River Hull tidal barrier at the Humber meeting point
The Humber Estuary and Spurn Head looking north-east from over North Lincolnshire
Historical railway map of Hull showing the ferry route and the layout of docks

The Humber /ˈhʌmbər/ is a large tidal estuary on the east coast of Northern England. It is formed at Trent Falls, Faxfleet, by the confluence of the tidal rivers Ouse and Trent. From there to the North Sea, it forms part of the boundary between the East Riding of Yorkshire on the north bank and North Lincolnshire on the south bank. Although the Humber is an estuary from the point at which it is formed, many maps show it, erroneously, as the River Humber.

Below Trent Falls, the Humber passes the junction with the Market Weighton Canal on the north shore, the confluence of the River Ancholme on the south shore; between North Ferriby and South Ferriby and under the Humber Bridge; between Barton-upon-Humber on the south bank and Kingston upon Hull on the north bank (where the River Hull joins), then meets the North Sea between Cleethorpes on the Lincolnshire side and the long and thin headland of Spurn Head to the north.

Ports on the Humber include the Port of Hull, the Port of Grimsby and the Port of Immingham; there are lesser ports at New Holland and North Killingholme Haven. The estuary is navigable for the largest of deep-sea vessels. Inland connections for smaller craft are extensive but handle only a quarter of the goods traffic handled in the Thames.


Although it is now an estuary, the Humber had a much longer freshwater course during the Ice Age, extending across what was the dry bed of the North Sea.

The Humber features regularly in medieval British literature, in the Welsh Triads, the Humber is one of the three principal rivers of Britain (together with the Thames and the River Severn) and is continually mentioned throughout the Brut y Brenhinedd as a boundary between the southern kingdom (Lloegyr) and various northern kingdoms. In Geoffrey of Monmouth's 12th-century chronicle (Historia Regum Britanniae), the Humber is named for "Humber the Hun", an invader who drowned there during battle in the earliest days of the chronicle.

The Humber remained an important boundary throughout the Anglo-Saxon period, separating Northumbria from the southern kingdoms. The name Northumbria derives from the Anglo-Saxon Norðhymbre (plural) = "the people north of the Humber".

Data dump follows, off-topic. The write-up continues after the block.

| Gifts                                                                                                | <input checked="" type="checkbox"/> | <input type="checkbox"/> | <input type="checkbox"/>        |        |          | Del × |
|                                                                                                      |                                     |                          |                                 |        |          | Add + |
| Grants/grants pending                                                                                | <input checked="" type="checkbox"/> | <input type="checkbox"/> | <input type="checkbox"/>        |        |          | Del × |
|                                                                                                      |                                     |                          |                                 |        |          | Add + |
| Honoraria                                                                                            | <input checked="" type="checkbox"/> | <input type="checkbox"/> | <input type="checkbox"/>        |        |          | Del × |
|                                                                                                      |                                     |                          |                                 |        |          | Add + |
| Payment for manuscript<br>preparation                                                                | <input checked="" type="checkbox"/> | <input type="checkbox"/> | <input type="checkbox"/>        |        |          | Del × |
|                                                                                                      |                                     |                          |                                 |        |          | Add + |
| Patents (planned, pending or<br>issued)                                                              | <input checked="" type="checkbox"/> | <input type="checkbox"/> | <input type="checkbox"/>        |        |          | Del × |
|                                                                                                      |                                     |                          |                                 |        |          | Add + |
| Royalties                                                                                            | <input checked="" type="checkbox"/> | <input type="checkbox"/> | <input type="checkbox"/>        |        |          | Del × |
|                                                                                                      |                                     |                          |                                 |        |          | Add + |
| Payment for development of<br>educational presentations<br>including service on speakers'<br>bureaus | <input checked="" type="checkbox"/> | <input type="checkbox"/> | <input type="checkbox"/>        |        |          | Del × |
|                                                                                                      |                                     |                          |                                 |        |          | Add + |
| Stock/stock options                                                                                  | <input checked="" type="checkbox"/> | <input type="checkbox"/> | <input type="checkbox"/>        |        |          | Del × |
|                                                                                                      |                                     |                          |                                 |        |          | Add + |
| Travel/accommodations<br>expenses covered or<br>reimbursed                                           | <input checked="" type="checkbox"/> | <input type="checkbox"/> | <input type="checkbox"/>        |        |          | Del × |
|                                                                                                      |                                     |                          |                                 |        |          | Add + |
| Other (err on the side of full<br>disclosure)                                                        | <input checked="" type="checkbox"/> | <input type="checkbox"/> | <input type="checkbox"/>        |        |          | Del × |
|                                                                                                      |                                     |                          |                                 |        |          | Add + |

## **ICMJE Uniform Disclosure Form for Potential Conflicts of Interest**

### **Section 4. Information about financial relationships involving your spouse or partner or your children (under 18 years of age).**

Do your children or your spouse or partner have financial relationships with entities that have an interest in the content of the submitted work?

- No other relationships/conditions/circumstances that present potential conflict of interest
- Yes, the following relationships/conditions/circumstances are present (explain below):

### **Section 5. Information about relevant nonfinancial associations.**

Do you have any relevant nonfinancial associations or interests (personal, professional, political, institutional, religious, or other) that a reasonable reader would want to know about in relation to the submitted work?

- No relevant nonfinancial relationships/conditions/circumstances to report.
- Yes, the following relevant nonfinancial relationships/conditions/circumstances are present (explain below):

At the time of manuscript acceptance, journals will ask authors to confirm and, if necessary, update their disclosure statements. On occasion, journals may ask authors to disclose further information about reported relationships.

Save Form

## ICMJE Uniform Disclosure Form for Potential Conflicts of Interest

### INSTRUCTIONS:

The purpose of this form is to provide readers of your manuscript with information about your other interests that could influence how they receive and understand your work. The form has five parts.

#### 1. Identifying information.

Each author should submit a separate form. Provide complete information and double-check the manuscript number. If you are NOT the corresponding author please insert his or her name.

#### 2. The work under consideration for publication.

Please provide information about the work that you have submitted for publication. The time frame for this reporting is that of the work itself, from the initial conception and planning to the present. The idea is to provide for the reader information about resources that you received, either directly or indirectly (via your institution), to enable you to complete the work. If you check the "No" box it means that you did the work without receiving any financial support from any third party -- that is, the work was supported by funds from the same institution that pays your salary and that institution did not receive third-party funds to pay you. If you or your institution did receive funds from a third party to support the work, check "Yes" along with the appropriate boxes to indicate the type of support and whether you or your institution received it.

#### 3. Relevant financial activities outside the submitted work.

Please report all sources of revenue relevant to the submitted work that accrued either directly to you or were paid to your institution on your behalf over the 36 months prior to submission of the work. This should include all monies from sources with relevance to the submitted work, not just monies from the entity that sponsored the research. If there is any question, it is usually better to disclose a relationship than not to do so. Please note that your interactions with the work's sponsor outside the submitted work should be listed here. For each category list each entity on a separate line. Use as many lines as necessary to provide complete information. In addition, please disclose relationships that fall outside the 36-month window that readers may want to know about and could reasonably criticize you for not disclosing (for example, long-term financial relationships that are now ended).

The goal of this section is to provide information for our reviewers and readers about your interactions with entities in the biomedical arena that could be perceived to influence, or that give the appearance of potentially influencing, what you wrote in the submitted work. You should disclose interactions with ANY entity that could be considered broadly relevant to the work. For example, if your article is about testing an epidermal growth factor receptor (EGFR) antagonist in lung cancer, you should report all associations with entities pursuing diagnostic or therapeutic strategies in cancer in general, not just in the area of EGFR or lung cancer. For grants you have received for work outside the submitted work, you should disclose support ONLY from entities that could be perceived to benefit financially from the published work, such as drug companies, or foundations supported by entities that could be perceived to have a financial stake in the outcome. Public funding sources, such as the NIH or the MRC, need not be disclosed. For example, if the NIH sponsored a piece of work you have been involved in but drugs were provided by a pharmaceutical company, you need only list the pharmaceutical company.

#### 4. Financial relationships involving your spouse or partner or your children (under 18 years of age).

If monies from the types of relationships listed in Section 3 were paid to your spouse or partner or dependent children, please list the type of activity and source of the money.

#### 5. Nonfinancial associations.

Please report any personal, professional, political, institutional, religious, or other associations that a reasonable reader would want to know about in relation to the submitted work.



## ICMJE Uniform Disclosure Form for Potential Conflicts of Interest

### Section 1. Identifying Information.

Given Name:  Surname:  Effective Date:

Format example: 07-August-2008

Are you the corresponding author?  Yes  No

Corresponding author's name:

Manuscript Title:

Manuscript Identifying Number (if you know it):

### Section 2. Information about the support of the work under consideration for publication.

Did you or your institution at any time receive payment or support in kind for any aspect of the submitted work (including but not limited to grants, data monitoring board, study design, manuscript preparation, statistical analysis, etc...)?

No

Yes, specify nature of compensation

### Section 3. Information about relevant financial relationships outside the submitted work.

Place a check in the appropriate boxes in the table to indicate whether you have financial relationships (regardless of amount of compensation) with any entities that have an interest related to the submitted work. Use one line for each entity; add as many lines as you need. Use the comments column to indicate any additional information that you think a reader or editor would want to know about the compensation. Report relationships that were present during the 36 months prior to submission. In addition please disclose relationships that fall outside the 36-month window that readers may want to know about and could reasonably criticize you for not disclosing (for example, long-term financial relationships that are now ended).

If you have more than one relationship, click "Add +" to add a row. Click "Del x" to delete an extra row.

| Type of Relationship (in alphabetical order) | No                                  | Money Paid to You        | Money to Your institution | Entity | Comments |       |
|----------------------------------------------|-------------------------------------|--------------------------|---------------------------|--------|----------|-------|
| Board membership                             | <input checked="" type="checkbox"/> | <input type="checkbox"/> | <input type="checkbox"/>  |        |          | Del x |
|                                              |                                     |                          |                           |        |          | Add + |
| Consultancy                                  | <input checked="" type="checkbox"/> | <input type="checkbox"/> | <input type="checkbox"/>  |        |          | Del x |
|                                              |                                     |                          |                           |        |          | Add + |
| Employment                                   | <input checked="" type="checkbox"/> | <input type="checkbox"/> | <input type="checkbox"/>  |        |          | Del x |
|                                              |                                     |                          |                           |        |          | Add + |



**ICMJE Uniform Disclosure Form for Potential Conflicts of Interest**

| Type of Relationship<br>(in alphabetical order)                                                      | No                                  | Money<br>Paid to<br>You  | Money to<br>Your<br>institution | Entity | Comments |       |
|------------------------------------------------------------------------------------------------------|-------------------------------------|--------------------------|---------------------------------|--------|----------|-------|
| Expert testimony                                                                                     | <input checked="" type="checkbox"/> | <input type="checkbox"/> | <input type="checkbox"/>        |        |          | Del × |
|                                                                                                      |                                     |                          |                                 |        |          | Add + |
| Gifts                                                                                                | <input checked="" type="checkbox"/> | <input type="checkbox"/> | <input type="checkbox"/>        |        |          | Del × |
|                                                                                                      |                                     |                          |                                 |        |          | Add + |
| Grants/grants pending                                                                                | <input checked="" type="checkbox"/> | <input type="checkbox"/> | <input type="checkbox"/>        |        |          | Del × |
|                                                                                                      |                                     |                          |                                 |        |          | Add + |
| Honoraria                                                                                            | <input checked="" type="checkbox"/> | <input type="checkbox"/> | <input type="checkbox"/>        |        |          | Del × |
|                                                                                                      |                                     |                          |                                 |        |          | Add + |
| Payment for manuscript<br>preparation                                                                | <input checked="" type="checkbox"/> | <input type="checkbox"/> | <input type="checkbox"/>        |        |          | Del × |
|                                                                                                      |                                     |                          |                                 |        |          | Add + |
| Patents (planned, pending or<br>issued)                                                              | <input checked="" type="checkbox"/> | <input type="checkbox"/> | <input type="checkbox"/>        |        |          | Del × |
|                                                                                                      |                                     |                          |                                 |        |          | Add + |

The Humber is recorded with the abbreviation Fl. Abi (The Abus river, Ancient Greek: Ἄβος) in Ptolemy's Geographia, discharging into the German Ocean (the North Sea) south of Ocelum Promontorium (Spurn Head). Ptolemy also gives the Iron Age tribes of the area as the Coritani north of the Humber and the Parisi to the south.

In the 1719 novel Robinson Crusoe, the eponymous protagonist leaves England on a ship departing from The Humber.

On 23 August 1921, the British airship R38 crashed into the estuary near Hull, killing 44 of the 49 crew on board.

From 1974 to 1996, the areas now known as the East Riding of Yorkshire, North Lincolnshire and North East Lincolnshire constituted the county of Humberside. The Humber, from 1996, forms a boundary between the East Riding of Yorkshire (to the north) and North Lincolnshire and North East Lincolnshire, to the south.


The estuary's only modern crossing is the Humber Bridge, which was the longest single-span suspension bridge in the world from its construction in 1981 until 1998. It is now the eleventh longest.

Before the bridge was built, a series of paddle steamers operated from the Corporation Pier railway station at the Victoria Pier in Hull to the railway pier in New Holland. Steam ferries started in 1841, and in 1848 were purchased by the Manchester, Sheffield and Lincolnshire Railway. They, and their successors, ran the ferry until the bridge opened in 1981. Railway passenger and car traffic continued to use the pier until the end of ferry operations.

The line of the bridge is similar to an ancient ferry route from Hessle to Barton upon Humber, which is noted in the Domesday Book and in a charter of 1281. The ferry was recorded as still operating in 1856, into the railway era. The Humber was then one mile (1.6 km) across.


The Humber Forts were built in the mouth of the river for the First World War. Planned in 1914, their construction started in 1915 and they were not completed until 1919. A coastal battery at Easington, Fort Goodwin or Kilnsea Battery, faced the Bull Sands Fort. They were also garrisoned during the Second World War, and were finally abandoned for military use in 1956.

Fort Paull is further upstream, a Napoleonic-era emplacement replaced in the early 20th century by Stallingborough Battery opposite Sunk Island.

Crossing on foot